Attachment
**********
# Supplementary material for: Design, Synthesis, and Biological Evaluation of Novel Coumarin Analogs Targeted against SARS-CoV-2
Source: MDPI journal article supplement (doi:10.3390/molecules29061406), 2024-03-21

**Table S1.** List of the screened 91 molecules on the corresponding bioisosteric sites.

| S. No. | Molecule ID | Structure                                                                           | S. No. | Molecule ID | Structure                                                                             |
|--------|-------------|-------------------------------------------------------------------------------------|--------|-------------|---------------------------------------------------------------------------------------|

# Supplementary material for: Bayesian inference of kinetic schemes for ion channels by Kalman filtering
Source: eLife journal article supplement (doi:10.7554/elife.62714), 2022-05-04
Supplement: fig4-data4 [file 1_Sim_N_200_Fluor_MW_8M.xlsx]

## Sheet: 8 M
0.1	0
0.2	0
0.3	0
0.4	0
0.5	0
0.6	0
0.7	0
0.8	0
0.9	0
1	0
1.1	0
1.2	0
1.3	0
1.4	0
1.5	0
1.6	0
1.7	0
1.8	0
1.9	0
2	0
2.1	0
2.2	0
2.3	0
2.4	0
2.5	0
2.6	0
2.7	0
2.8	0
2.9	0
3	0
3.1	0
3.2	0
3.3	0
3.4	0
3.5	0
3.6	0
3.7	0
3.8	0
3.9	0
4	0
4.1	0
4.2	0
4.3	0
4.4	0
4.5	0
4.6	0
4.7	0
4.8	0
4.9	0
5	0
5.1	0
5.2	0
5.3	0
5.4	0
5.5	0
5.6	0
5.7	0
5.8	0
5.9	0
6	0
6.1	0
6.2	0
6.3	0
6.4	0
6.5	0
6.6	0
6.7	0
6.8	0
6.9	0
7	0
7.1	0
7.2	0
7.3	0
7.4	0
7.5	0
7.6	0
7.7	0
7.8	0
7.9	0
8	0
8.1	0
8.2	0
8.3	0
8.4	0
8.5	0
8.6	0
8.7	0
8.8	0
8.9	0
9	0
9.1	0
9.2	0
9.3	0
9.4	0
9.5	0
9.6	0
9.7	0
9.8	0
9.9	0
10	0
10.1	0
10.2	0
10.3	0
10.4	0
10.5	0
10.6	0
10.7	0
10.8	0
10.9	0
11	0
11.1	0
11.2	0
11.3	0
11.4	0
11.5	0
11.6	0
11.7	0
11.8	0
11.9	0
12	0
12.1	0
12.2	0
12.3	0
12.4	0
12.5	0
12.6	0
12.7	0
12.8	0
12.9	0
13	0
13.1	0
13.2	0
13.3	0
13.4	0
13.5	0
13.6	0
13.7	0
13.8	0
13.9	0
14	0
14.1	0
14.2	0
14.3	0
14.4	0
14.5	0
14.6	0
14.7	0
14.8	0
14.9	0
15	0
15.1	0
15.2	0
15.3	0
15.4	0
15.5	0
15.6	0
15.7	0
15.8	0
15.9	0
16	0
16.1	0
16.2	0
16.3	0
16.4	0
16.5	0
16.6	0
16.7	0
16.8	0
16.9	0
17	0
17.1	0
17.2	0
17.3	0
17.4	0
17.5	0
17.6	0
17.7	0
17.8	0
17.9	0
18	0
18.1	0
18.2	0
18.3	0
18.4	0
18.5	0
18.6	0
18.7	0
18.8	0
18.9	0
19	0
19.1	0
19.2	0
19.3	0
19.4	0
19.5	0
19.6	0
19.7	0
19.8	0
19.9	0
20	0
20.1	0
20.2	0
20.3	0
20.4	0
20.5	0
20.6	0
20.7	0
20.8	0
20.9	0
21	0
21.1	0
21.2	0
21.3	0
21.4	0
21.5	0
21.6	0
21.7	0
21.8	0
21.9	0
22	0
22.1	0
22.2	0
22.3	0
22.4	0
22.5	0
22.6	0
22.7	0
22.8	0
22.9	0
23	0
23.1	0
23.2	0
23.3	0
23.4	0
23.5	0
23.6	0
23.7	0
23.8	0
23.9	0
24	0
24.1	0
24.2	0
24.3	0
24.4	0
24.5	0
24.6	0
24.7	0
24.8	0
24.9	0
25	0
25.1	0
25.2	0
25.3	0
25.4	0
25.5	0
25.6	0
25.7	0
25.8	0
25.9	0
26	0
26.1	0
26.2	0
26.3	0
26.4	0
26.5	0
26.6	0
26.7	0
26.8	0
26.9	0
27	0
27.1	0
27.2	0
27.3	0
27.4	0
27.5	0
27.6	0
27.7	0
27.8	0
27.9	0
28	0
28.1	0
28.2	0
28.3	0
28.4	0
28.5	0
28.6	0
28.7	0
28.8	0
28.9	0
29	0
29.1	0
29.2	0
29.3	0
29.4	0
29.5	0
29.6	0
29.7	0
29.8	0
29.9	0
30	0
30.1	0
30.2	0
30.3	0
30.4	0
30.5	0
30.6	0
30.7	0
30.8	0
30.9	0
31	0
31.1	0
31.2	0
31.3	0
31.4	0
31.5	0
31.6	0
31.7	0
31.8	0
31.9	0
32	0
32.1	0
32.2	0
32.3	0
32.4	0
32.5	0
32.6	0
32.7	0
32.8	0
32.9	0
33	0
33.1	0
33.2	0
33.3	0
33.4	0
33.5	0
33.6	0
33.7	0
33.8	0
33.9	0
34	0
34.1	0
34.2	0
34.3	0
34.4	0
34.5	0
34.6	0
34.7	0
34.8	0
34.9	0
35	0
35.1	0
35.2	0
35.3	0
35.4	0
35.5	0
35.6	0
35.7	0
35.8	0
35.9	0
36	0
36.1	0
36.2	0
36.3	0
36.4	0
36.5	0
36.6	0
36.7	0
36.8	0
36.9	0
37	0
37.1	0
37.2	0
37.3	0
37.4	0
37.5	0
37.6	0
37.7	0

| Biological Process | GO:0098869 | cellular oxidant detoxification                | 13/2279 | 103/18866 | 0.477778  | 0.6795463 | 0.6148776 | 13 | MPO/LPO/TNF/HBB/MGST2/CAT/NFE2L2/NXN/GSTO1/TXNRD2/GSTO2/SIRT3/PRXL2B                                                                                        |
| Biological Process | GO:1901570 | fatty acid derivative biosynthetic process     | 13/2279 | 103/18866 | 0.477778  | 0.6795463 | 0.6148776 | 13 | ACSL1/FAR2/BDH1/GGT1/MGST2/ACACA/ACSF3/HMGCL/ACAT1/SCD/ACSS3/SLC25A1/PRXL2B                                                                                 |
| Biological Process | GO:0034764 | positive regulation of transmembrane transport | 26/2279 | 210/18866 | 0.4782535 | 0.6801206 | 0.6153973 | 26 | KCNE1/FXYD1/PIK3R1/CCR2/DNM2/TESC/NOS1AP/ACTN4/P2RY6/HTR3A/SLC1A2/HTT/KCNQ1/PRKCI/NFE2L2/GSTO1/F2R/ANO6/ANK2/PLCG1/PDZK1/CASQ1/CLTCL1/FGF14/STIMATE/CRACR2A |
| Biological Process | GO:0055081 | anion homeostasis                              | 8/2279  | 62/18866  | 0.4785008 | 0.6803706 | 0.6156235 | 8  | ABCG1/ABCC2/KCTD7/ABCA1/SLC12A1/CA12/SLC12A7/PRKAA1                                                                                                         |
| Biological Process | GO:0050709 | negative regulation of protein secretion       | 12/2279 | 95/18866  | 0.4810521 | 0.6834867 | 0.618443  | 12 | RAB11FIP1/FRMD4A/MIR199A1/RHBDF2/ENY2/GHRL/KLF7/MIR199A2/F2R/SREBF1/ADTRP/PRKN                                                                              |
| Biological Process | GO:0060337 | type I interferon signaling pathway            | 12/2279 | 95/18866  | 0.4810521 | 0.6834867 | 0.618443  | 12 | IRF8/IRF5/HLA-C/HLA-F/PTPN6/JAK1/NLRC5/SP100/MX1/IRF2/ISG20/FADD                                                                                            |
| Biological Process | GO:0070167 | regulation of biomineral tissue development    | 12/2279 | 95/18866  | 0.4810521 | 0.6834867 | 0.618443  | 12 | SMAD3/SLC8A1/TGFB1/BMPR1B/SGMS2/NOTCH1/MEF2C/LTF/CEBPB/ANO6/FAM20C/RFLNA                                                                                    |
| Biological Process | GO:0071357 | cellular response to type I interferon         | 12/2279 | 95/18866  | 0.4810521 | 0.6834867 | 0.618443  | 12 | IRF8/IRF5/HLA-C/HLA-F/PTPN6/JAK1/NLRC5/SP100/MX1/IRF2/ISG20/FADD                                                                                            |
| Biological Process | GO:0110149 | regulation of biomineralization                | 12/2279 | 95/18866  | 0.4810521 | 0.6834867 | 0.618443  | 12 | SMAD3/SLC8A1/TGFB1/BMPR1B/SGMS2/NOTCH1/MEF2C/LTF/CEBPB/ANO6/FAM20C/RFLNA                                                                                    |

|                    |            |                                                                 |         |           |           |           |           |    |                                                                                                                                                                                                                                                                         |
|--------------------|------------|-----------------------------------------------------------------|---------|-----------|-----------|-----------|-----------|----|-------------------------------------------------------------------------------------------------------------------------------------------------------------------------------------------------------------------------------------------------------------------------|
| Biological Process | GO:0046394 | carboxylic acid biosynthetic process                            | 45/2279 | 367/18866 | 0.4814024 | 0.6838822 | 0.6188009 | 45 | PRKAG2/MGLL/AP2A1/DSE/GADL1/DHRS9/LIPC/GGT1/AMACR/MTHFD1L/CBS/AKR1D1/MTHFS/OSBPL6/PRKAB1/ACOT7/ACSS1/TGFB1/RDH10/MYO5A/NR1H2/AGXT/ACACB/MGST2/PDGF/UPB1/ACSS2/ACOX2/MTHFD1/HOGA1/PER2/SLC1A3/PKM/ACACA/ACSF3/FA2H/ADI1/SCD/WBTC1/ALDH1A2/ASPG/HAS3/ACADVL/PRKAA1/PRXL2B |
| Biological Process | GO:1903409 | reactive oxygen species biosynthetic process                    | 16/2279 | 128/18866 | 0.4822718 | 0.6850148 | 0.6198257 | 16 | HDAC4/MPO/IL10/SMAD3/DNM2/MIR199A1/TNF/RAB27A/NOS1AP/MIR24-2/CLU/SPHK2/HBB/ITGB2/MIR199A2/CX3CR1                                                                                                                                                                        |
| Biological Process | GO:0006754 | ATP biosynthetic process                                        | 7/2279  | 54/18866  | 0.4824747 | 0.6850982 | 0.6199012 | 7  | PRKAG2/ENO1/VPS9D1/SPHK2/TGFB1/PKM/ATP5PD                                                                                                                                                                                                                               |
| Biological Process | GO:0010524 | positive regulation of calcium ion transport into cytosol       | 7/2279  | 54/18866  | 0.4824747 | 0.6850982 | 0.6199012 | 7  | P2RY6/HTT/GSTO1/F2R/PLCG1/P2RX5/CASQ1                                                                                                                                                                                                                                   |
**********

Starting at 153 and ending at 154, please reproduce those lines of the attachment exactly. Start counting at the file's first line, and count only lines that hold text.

14.4	0
14.5	0